For your point #1 I learned a few tricks a couple years ago when I got into woodworking (was briefly a hobby, still enjoy it just don’t have the time). Since all I had was a circular saw at the time I found you could make straight short cuts by holding a roofing square (http://2.bp.blogspot.com/-IHTNFJ6hqU4/TYqv-Cx5tyI/AAAAAAAACJo/oozwRZN4nW8/s1600/square%2B-%2BALUMINUM_ALLOY_ROOFING_SQUARE.jpg) along a straight edge of the board with the lip part keeping the square straight. If you are confident enough to hold it with one hand and cut with the other you can do that or a quick clamp down to hold it in place. For longer cuts i have a variation of this (http://www.homedepot.com/p/Empire-98-in-Professional-Cutting-Guide-E902/203175575). If I have a sturdy cutting surface, measure twice, and take things slowly I can get more reliable cuts easier with these tools than my table saw. You just need to make sure you don’t rush the saw what you are cutting is either nice and rigid or very well supported so it doesn’t move, flex or sag.

    As long as your cutting mistakes don’t involve damaged body parts it’s just wood that can be replaced. If you make a mistake do a mini retrospective (common in software industry… wish my current company did them) where you look at how things went wrong (was it mis-measured, did a cutting guide clamp slip/not get tightened enough, did the saw not stay tight against the guide etc). This way you know what to do differently. Then worst case scenario it’s wasted material but it just might be salvage able or re-used somewhere else where the imperfection doesn’t matter. And more importantly it doesn’t matter if it’s perfect, most people won’t notice or care and there is no need to worry about the people who do. Specifically to fascia, imperfections are a great place to put a car card or throttle box or location sign or anything else to cover up the problem spot. (This also works with art/photos and drywall imperfections)

    • steve

      Thanks Matt for the detailed reply and the support. I really appreciate your tips on wood working and I will definitely refer to them. I haven’t ventured into airbrushing – I hope to someday – but rattle can spraying doesn’t scare me. There is so much to learn in this hobby and I often have a hard time getting past the fear of failure. I can tell my kids it’s ok to fail but I don’t take the lesson myself!

  • Tom W

    Sometimes I just let a roadblock linger because it is just one thing and not the whole list. For example, I just completed the final step of wiring an Arduino-controlled, pneumatic, 8-chime whistle in my train room after leaving all the parts in plain view for several months. It works great! Now to see how long it takes me to put the tools away…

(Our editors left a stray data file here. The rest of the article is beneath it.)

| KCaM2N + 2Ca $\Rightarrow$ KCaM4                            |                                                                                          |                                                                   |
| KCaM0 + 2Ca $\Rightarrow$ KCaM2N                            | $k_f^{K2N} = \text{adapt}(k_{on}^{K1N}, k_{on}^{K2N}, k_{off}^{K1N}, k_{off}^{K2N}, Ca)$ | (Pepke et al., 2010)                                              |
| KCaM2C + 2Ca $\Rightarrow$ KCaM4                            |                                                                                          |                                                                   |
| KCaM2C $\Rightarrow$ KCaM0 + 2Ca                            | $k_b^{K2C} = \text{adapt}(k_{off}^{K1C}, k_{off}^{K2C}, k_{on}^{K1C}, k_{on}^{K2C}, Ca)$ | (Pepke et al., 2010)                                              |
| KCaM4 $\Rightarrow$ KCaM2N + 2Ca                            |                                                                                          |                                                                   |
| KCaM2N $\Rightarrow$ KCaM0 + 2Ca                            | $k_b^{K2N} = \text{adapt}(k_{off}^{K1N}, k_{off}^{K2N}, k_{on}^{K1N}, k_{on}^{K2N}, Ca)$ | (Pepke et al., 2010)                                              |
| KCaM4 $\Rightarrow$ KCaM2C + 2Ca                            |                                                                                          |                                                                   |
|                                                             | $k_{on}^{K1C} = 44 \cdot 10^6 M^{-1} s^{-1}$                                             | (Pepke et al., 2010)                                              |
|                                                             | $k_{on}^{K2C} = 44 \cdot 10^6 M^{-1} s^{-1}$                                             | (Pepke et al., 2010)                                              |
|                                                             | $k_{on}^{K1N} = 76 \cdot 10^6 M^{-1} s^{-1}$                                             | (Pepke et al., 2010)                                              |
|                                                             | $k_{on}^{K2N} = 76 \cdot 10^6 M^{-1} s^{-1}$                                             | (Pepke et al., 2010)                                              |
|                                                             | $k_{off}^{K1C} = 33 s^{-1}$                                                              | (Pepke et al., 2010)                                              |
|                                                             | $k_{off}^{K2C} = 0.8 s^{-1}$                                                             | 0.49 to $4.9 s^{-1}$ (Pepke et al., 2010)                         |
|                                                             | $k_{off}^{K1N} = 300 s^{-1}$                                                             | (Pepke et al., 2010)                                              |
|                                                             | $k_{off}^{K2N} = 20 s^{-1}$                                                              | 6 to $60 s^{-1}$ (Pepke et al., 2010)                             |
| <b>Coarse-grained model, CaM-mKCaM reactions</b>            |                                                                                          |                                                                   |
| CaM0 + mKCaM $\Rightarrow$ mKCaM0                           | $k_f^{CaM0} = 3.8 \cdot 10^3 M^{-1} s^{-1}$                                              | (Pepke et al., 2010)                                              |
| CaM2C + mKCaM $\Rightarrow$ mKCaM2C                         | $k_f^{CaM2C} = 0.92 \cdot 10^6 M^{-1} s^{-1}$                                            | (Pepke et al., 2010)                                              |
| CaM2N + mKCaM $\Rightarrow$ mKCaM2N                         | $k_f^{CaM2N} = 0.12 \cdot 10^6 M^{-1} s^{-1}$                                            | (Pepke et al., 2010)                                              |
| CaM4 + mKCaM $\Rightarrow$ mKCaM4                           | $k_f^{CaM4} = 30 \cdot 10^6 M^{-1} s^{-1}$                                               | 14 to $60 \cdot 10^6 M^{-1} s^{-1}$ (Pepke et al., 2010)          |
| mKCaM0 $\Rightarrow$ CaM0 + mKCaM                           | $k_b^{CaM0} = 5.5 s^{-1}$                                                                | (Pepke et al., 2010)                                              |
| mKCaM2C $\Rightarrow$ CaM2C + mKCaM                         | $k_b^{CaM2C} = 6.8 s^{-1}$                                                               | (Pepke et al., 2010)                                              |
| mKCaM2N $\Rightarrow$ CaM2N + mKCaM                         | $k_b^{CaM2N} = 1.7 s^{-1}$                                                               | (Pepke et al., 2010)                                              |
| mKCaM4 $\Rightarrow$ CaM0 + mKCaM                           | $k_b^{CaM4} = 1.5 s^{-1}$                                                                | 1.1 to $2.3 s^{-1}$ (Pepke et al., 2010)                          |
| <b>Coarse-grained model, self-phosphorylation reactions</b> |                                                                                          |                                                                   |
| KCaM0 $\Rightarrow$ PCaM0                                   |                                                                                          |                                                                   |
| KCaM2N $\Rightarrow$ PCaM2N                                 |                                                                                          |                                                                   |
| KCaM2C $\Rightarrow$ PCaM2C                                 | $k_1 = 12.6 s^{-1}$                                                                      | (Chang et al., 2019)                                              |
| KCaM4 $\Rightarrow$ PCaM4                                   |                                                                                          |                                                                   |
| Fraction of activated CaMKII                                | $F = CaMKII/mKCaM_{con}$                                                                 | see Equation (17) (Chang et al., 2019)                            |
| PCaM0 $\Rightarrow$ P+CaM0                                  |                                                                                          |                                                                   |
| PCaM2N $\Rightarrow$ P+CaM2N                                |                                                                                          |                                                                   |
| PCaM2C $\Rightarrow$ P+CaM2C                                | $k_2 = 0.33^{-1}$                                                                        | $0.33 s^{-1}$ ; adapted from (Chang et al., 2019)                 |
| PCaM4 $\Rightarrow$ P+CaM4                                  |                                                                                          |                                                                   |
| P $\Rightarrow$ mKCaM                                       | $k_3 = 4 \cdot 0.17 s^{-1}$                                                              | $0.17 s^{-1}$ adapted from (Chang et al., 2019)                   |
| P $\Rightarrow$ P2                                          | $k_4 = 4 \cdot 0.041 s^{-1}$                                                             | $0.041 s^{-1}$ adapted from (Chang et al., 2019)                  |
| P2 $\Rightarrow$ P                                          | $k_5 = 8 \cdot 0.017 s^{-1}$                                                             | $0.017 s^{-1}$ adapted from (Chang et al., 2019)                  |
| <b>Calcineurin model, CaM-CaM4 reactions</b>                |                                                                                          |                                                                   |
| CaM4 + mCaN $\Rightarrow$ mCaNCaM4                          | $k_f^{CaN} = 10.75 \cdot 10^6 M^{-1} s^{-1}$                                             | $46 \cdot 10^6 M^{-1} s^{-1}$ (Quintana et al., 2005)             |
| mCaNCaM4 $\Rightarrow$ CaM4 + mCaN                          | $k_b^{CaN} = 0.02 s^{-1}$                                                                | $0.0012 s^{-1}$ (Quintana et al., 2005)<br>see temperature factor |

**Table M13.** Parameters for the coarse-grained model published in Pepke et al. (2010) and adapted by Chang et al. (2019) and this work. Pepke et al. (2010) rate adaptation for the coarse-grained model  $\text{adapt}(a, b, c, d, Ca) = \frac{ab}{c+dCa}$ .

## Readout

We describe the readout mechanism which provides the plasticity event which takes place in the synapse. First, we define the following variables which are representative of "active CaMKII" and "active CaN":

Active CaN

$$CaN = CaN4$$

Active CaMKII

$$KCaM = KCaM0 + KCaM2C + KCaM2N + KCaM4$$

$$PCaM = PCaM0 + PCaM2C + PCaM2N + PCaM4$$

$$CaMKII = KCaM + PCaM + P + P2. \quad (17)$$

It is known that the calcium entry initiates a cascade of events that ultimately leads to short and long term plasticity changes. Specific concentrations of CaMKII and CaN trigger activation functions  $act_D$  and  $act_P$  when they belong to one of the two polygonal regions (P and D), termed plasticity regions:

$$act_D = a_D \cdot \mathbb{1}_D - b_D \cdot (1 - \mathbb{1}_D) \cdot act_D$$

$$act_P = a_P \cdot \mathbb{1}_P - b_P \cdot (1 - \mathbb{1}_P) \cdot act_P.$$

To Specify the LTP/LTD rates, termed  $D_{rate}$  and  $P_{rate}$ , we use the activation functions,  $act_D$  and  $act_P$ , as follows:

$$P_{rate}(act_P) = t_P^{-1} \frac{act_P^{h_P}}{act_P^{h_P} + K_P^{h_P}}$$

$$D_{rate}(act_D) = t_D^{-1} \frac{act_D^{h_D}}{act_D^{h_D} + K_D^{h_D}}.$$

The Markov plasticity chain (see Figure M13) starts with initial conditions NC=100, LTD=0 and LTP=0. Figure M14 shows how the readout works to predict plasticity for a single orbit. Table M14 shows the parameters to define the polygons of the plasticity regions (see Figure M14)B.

• steve

      That whistle sounds very interesting! Your tactic sounds like mine of leaving projects “in the way” until they annoy me enough that I actually do them.

  • Glen Schattner

    Steve…one thing you have to understand is that it’s a hobby, and hobbies are just that……hobbies. Do them when you want to do them, or don’t. This isn’t your career, where your progress is measured and quantified and qualified. Supposed to be fun, and when it isn’t don’t do it. Let the model railroad or whatever hobby it is just sit..be it weeks or months or whatever time frame. No one’s looking over your shoulder and cracking the whip, and you shouldn’t be making a guilt trip out of it.
    I haven’t done anything on my layout for over a month, maybe more. Meh, so what. I’m not motivated right now. There’s a long winter ahead of us. Don’t beat yourself up over it. When the creatives juices start flowing again, and they will, just pick up where you left off and carry on.

    Cheers,
    Glen
    ….along the CEMR.

    • Hi Glen, certainly it is not my job and there’s no external pressure to move forward with the layout. It’s all internal. In some ways it’s like me and guitar playing. I want to know how to play a guitar, but I don’t want to put the work in to learn how!

      I want to have a finished layout, but I don’t have the motivation to finish it… but I can report that I did put some of the fascia on last week so some motivation did come my way.